Supreme Court Hears Oral Arguments for South Dakota v. Wayfair
On Tuesday, April 17, the Supreme Court heard oral arguments for South Dakota v. Wayfair, No. 17-494, 2018 U.S. LEXIS 2211 (2018), a case that could result in mandatory state and local sales tax for online purchases. South Dakota passed Senate Bill 106 in 2016 that required online retailers to charge residents a sales tax when they shopped online. The state is suing four companies for non-compliance: the discount retailer Overstock.com, the home goods site Wayfair, the consumer electronics retailer Newegg, and the industrial equipment supplier Systemax.
The precedent in this case is Quill v. North Dakota, 504 U.S. 298 (1992), which held that, due to the Dormant Commerce Clause, states could not collect sales tax from out-of-state vendors without a physical presence in the. However, interstate commerce has drastically transformed from the primarily mail-order catalogs and phone orders services of 1992 to the online platforms of today.
Justice Kennedy’s concurrence in Direct Marketing Ass’n v. Brohl, 135 S. Ct. 1124 (2015), suggested that the holding in Quill may not be correct under current Commerce Clause jurisprudence, inflicting “extreme harm and unfairness on the States.” He found that the growth in e-commerce has strengthened the case for reexamining Quill. When Quill was decided, mail-order sales totaled $180 billion; by 2008, e-commerce sales alone totaled over $3.16 trillion.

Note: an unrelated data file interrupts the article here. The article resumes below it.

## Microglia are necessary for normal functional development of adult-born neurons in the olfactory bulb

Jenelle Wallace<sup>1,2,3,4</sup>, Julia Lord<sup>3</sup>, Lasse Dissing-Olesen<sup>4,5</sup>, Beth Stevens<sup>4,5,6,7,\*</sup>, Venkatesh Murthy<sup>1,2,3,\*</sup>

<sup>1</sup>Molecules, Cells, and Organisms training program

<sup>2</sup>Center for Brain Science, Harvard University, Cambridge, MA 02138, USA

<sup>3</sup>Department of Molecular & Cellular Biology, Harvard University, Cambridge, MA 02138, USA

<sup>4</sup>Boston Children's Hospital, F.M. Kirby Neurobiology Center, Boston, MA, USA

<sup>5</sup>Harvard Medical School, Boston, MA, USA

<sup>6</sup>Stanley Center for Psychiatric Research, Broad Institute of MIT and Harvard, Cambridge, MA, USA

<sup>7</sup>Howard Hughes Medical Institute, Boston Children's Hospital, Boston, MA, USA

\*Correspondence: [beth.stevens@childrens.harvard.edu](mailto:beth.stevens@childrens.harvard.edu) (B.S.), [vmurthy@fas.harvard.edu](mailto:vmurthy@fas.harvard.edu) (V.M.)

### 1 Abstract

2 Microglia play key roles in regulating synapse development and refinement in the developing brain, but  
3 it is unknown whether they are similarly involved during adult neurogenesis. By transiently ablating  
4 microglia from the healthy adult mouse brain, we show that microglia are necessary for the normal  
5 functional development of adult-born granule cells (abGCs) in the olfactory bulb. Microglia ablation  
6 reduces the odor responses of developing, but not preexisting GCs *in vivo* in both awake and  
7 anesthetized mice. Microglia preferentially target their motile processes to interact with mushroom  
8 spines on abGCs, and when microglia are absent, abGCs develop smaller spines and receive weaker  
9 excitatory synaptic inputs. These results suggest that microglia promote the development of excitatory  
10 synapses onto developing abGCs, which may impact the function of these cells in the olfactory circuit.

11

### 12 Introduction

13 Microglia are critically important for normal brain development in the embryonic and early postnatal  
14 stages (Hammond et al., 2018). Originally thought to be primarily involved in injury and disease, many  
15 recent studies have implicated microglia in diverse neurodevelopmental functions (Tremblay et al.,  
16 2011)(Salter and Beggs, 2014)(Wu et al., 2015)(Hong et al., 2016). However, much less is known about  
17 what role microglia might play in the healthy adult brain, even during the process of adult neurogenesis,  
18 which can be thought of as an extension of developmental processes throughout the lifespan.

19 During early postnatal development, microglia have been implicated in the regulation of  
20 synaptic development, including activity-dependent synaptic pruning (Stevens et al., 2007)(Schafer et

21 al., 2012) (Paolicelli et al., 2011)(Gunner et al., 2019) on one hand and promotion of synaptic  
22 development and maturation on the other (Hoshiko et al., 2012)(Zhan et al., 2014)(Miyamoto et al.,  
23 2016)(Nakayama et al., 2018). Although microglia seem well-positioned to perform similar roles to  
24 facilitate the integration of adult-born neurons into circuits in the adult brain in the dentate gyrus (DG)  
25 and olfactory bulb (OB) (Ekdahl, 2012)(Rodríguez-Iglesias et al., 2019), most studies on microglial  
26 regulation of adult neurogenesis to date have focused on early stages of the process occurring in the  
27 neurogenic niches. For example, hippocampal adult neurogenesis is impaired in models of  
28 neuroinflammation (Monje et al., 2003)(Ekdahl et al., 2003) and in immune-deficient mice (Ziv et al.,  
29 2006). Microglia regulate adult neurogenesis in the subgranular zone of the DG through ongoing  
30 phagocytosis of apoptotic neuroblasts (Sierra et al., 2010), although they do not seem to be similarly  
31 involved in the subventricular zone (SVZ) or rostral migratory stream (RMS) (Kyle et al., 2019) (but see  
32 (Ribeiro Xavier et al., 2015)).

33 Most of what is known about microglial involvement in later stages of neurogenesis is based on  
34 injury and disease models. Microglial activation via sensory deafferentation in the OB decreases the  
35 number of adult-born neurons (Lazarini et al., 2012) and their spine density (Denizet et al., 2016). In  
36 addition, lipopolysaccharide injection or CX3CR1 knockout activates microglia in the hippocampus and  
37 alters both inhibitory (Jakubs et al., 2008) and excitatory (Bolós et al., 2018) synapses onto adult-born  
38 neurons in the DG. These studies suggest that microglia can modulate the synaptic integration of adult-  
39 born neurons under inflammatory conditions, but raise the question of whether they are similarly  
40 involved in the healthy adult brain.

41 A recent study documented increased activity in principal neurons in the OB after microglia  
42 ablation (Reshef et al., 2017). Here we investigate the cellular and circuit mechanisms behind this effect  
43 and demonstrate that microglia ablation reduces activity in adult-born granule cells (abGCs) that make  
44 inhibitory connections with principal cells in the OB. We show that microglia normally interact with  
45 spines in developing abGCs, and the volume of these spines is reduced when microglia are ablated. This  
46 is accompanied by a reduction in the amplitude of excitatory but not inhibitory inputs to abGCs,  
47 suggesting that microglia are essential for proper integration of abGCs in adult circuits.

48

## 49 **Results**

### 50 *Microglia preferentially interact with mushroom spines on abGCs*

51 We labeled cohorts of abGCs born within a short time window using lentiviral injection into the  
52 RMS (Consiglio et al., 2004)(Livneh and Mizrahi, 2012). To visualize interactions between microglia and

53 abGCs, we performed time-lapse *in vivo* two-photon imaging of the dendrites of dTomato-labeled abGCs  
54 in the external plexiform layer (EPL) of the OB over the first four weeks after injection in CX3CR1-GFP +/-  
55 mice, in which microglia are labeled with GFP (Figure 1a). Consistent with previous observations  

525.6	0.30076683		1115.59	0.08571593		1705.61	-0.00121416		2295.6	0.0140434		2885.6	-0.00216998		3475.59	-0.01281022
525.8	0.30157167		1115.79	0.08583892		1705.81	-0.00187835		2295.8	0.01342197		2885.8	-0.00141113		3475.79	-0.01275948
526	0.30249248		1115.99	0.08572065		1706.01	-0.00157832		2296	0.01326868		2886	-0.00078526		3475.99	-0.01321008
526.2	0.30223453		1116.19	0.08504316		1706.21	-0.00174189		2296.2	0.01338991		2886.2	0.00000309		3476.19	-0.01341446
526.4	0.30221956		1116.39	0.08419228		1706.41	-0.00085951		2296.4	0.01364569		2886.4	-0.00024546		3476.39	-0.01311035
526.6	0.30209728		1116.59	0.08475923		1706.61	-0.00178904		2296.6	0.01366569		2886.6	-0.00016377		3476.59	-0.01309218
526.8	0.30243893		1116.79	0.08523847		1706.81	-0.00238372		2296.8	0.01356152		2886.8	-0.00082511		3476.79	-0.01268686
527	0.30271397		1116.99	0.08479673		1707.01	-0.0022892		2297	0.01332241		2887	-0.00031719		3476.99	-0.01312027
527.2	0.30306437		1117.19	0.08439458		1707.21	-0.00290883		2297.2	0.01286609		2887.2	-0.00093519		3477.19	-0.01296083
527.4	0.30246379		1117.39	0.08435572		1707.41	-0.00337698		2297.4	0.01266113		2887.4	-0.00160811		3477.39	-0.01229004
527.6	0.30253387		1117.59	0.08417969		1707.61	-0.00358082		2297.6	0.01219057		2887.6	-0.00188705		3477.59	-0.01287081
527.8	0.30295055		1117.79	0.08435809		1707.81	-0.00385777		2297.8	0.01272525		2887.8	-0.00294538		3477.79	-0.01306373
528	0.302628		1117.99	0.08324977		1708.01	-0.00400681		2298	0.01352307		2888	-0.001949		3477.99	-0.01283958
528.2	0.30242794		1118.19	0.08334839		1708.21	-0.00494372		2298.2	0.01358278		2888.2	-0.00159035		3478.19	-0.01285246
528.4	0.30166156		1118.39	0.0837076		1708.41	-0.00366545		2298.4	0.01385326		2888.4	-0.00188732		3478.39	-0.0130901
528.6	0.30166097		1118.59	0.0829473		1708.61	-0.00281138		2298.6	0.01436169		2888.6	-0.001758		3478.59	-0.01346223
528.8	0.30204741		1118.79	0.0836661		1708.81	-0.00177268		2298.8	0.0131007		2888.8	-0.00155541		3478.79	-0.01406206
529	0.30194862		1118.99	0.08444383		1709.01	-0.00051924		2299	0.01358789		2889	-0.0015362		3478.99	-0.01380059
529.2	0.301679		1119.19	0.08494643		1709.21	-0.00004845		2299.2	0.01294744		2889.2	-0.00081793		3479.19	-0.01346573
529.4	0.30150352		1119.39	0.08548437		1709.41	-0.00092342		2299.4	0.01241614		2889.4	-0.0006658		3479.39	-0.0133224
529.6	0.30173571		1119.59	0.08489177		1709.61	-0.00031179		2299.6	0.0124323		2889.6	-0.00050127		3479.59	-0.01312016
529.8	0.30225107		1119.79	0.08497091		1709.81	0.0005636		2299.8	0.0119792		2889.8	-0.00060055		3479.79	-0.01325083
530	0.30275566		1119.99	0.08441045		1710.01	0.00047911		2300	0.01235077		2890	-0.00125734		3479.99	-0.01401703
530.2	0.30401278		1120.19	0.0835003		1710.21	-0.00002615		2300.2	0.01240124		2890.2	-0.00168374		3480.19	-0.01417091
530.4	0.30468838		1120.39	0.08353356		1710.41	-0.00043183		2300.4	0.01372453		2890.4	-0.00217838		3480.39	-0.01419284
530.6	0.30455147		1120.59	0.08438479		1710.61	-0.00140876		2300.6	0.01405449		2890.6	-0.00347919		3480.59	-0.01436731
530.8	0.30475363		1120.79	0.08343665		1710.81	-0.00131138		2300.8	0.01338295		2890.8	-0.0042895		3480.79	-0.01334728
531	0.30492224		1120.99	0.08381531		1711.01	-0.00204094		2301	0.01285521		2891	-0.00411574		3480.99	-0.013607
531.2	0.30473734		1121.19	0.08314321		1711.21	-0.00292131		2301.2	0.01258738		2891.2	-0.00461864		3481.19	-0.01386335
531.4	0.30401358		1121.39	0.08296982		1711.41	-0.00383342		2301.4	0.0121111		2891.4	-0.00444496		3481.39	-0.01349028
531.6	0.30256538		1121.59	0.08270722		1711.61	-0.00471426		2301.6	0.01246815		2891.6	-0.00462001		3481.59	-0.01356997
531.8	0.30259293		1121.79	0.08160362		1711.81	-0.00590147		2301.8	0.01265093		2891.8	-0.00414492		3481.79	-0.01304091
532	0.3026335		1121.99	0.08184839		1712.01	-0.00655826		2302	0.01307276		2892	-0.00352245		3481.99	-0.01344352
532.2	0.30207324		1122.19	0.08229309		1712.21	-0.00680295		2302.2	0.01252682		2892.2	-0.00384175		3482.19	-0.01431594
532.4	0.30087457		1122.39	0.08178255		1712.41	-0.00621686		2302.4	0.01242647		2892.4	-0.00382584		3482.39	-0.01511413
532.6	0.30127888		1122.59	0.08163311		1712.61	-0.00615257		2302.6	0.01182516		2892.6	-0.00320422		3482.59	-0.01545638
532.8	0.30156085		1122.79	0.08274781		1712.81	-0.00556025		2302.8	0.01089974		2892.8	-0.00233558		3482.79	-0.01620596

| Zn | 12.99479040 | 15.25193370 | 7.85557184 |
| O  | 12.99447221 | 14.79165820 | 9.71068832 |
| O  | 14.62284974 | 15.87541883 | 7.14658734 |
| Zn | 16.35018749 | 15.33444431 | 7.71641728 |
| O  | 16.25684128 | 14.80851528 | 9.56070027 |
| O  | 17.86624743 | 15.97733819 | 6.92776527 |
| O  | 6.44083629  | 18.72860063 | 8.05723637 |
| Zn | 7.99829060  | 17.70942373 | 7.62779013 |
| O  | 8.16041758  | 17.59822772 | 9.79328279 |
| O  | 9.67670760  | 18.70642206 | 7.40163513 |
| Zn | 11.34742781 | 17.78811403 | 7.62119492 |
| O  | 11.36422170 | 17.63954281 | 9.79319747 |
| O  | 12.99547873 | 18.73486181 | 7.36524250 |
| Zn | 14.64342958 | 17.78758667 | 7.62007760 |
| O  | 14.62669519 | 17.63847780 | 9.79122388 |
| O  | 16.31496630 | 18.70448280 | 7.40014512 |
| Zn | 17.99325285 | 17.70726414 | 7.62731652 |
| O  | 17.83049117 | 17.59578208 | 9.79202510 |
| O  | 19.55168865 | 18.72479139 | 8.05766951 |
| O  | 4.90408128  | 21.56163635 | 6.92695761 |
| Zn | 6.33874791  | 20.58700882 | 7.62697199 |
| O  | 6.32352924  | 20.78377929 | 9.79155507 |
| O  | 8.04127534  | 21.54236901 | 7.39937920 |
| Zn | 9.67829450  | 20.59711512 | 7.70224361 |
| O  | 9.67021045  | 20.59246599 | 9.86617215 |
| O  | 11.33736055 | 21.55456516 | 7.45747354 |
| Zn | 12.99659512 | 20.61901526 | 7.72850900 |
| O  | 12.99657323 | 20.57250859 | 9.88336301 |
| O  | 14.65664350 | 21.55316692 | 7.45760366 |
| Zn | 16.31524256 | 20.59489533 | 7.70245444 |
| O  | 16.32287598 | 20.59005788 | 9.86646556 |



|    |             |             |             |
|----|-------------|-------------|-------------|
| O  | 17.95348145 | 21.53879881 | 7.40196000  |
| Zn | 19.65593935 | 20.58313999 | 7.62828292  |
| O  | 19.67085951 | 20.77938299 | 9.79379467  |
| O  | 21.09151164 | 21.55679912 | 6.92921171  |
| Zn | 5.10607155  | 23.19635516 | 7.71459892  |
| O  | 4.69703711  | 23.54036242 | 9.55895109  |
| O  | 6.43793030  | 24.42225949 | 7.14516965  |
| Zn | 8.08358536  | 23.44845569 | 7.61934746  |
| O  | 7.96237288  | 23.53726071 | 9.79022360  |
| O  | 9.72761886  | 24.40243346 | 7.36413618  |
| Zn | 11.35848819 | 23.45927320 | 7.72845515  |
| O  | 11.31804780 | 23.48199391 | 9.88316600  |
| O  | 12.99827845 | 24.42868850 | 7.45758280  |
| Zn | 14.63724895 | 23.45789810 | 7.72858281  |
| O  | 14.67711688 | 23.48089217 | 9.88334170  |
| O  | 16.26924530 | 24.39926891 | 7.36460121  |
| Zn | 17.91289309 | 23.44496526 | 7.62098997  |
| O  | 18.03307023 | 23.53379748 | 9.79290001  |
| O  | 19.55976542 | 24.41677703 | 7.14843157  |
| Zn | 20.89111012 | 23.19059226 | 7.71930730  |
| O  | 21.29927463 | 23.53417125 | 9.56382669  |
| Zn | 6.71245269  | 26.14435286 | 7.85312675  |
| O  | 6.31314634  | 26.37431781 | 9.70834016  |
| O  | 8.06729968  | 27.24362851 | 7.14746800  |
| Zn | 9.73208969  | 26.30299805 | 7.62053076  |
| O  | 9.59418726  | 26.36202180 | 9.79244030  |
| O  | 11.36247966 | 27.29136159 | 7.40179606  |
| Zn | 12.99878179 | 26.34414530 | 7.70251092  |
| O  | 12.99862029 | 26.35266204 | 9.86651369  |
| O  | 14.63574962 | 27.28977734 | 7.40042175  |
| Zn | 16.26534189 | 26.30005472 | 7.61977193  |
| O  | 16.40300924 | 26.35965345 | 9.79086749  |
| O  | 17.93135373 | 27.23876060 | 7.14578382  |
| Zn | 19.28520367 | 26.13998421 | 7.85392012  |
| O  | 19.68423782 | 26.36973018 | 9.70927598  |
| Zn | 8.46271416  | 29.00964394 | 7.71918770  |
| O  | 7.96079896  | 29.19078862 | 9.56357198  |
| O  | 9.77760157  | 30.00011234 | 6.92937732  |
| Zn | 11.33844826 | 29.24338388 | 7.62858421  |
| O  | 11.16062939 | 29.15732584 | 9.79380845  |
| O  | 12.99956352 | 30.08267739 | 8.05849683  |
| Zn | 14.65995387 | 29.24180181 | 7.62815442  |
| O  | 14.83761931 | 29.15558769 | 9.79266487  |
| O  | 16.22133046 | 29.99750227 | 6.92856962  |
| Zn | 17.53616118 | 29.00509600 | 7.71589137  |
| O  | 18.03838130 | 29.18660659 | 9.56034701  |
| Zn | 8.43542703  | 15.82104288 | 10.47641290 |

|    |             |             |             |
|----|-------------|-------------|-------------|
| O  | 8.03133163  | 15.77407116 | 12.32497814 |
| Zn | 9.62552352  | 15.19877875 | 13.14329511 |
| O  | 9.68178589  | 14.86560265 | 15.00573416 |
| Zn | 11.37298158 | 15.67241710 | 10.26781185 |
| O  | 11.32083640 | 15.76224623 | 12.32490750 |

South Dakota estimates that it loses over $50 million in tax revenue on online purchases, and a ruling in favor of South Dakota could add up to $13 billion in tax revenue to affected state governments. Brick-and-mortar stores also believe that requiring an online sales tax will make them more competitive against online retailers. In-store foot traffic is declining, and consumers often look at physical goods in stores before going online to buy them at a cheaper price.
Many big online retailers like Amazon and Walmart already voluntarily charge sales tax for online purchases. However, smaller online companies may find navigating each state’s tax laws difficult and may not have the manpower to do so. They are worried that charging sales tax could put them out of the market.
FCC Fines T-Mobile for “False Ring Tones”
T-Mobile was fined $40 million by the FCC for using “false ring tones” when failing to complete phone calls in rural areas. False ring tones create the impression to users that the calls were going through and no one was picking up.
§ 64.2201 of FCC rules ban the use of false ring tones because they create a misleading impression that a caller's service provider is not responsible if the call fails. False ring tones are a symptom of a larger problem in rural areas of low-quality coverage. The inability to complete calls causes public harm because “[t]hey cause rural businesses to lose revenue, impede medical professionals from reaching patients in rural areas, cut families off from their relatives, and create the potential for dangerous delays in public safety communications.”